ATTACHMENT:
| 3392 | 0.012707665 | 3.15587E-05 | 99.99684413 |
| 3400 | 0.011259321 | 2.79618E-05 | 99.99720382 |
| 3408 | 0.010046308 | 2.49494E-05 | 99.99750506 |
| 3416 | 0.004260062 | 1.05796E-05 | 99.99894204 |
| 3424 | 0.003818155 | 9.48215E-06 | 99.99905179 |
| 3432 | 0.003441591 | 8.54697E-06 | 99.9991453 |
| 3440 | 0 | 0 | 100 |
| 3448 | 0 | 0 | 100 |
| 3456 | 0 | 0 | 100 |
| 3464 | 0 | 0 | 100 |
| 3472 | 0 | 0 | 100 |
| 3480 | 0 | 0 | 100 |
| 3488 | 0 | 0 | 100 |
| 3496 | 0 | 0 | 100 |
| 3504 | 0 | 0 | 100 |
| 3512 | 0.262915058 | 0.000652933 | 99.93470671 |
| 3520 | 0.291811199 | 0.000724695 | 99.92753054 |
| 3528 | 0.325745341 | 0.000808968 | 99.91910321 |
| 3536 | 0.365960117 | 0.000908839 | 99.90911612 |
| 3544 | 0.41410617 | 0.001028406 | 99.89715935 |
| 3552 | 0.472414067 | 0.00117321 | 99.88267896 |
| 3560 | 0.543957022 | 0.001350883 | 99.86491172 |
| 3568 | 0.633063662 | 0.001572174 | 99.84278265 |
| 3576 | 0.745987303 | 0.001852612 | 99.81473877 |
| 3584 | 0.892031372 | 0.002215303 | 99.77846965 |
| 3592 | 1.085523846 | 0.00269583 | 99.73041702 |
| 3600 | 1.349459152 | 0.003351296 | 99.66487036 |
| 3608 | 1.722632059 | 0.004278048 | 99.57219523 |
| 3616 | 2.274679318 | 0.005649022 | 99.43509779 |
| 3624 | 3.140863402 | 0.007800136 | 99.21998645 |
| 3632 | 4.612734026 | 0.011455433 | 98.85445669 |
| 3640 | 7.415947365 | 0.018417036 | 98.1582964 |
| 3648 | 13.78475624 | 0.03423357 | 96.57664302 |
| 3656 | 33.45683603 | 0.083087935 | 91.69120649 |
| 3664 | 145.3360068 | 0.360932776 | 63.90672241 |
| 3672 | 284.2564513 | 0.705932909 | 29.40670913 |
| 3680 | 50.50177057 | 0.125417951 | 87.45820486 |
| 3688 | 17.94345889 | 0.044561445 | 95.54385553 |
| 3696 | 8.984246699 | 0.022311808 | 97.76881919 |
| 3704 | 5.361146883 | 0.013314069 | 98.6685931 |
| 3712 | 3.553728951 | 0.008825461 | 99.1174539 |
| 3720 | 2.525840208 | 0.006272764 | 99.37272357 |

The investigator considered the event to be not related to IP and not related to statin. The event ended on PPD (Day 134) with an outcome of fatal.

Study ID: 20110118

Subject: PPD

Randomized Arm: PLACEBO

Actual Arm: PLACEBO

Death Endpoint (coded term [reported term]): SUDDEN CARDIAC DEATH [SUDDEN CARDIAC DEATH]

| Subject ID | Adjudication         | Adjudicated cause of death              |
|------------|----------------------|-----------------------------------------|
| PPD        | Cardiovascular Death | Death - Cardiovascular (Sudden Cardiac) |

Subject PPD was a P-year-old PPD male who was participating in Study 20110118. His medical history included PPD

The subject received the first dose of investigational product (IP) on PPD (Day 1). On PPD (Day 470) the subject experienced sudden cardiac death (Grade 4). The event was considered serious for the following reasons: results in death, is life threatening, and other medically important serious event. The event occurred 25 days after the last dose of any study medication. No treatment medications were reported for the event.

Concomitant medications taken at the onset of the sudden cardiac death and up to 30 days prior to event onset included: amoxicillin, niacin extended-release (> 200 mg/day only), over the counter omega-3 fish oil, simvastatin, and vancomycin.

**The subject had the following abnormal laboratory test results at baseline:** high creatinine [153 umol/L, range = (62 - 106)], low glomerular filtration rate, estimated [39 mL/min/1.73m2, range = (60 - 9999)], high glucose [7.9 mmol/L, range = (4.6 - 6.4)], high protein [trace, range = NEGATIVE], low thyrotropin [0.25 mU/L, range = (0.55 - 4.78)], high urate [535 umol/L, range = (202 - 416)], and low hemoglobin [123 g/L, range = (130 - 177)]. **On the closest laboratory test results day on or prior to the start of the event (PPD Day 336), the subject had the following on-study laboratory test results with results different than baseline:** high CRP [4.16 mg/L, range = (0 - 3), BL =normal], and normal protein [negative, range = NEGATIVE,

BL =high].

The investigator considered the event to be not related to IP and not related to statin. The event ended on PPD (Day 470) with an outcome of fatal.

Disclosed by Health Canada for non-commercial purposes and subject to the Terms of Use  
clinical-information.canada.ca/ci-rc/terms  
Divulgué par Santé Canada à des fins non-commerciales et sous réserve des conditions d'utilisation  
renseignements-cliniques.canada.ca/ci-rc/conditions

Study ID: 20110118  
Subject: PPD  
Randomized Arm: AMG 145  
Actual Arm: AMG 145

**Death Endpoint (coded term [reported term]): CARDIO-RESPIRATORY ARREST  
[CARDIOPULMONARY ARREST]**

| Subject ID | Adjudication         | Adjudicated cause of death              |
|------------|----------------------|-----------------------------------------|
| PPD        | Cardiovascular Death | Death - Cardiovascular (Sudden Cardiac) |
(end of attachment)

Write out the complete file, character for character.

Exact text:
| 3392 | 0.012707665 | 3.15587E-05 | 99.99684413 |
| 3400 | 0.011259321 | 2.79618E-05 | 99.99720382 |
| 3408 | 0.010046308 | 2.49494E-05 | 99.99750506 |
| 3416 | 0.004260062 | 1.05796E-05 | 99.99894204 |
| 3424 | 0.003818155 | 9.48215E-06 | 99.99905179 |
| 3432 | 0.003441591 | 8.54697E-06 | 99.9991453 |
| 3440 | 0 | 0 | 100 |
| 3448 | 0 | 0 | 100 |
| 3456 | 0 | 0 | 100 |
| 3464 | 0 | 0 | 100 |
| 3472 | 0 | 0 | 100 |
| 3480 | 0 | 0 | 100 |
| 3488 | 0 | 0 | 100 |
| 3496 | 0 | 0 | 100 |
| 3504 | 0 | 0 | 100 |
| 3512 | 0.262915058 | 0.000652933 | 99.93470671 |
| 3520 | 0.291811199 | 0.000724695 | 99.92753054 |
| 3528 | 0.325745341 | 0.000808968 | 99.91910321 |
| 3536 | 0.365960117 | 0.000908839 | 99.90911612 |
| 3544 | 0.41410617 | 0.001028406 | 99.89715935 |
| 3552 | 0.472414067 | 0.00117321 | 99.88267896 |
| 3560 | 0.543957022 | 0.001350883 | 99.86491172 |
| 3568 | 0.633063662 | 0.001572174 | 99.84278265 |
| 3576 | 0.745987303 | 0.001852612 | 99.81473877 |
| 3584 | 0.892031372 | 0.002215303 | 99.77846965 |
| 3592 | 1.085523846 | 0.00269583 | 99.73041702 |
| 3600 | 1.349459152 | 0.003351296 | 99.66487036 |
| 3608 | 1.722632059 | 0.004278048 | 99.57219523 |
| 3616 | 2.274679318 | 0.005649022 | 99.43509779 |
| 3624 | 3.140863402 | 0.007800136 | 99.21998645 |
| 3632 | 4.612734026 | 0.011455433 | 98.85445669 |
| 3640 | 7.415947365 | 0.018417036 | 98.1582964 |
| 3648 | 13.78475624 | 0.03423357 | 96.57664302 |
| 3656 | 33.45683603 | 0.083087935 | 91.69120649 |
| 3664 | 145.3360068 | 0.360932776 | 63.90672241 |
| 3672 | 284.2564513 | 0.705932909 | 29.40670913 |
| 3680 | 50.50177057 | 0.125417951 | 87.45820486 |
| 3688 | 17.94345889 | 0.044561445 | 95.54385553 |
| 3696 | 8.984246699 | 0.022311808 | 97.76881919 |
| 3704 | 5.361146883 | 0.013314069 | 98.6685931 |
| 3712 | 3.553728951 | 0.008825461 | 99.1174539 |
| 3720 | 2.525840208 | 0.006272764 | 99.37272357 |

The investigator considered the event to be not related to IP and not related to statin. The event ended on PPD (Day 134) with an outcome of fatal.

Study ID: 20110118

Subject: PPD

Randomized Arm: PLACEBO

Actual Arm: PLACEBO

Death Endpoint (coded term [reported term]): SUDDEN CARDIAC DEATH [SUDDEN CARDIAC DEATH]

| Subject ID | Adjudication         | Adjudicated cause of death              |
|------------|----------------------|-----------------------------------------|
| PPD        | Cardiovascular Death | Death - Cardiovascular (Sudden Cardiac) |

Subject PPD was a P-year-old PPD male who was participating in Study 20110118. His medical history included PPD

The subject received the first dose of investigational product (IP) on PPD (Day 1). On PPD (Day 470) the subject experienced sudden cardiac death (Grade 4). The event was considered serious for the following reasons: results in death, is life threatening, and other medically important serious event. The event occurred 25 days after the last dose of any study medication. No treatment medications were reported for the event.

Concomitant medications taken at the onset of the sudden cardiac death and up to 30 days prior to event onset included: amoxicillin, niacin extended-release (> 200 mg/day only), over the counter omega-3 fish oil, simvastatin, and vancomycin.

**The subject had the following abnormal laboratory test results at baseline:** high creatinine [153 umol/L, range = (62 - 106)], low glomerular filtration rate, estimated [39 mL/min/1.73m2, range = (60 - 9999)], high glucose [7.9 mmol/L, range = (4.6 - 6.4)], high protein [trace, range = NEGATIVE], low thyrotropin [0.25 mU/L, range = (0.55 - 4.78)], high urate [535 umol/L, range = (202 - 416)], and low hemoglobin [123 g/L, range = (130 - 177)]. **On the closest laboratory test results day on or prior to the start of the event (PPD Day 336), the subject had the following on-study laboratory test results with results different than baseline:** high CRP [4.16 mg/L, range = (0 - 3), BL =normal], and normal protein [negative, range = NEGATIVE,

BL =high].

The investigator considered the event to be not related to IP and not related to statin. The event ended on PPD (Day 470) with an outcome of fatal.

Disclosed by Health Canada for non-commercial purposes and subject to the Terms of Use  
clinical-information.canada.ca/ci-rc/terms  
Divulgué par Santé Canada à des fins non-commerciales et sous réserve des conditions d'utilisation  
renseignements-cliniques.canada.ca/ci-rc/conditions

Study ID: 20110118  
Subject: PPD  
Randomized Arm: AMG 145  
Actual Arm: AMG 145

**Death Endpoint (coded term [reported term]): CARDIO-RESPIRATORY ARREST  
[CARDIOPULMONARY ARREST]**

| Subject ID | Adjudication         | Adjudicated cause of death              |
|------------|----------------------|-----------------------------------------|
| PPD        | Cardiovascular Death | Death - Cardiovascular (Sudden Cardiac) |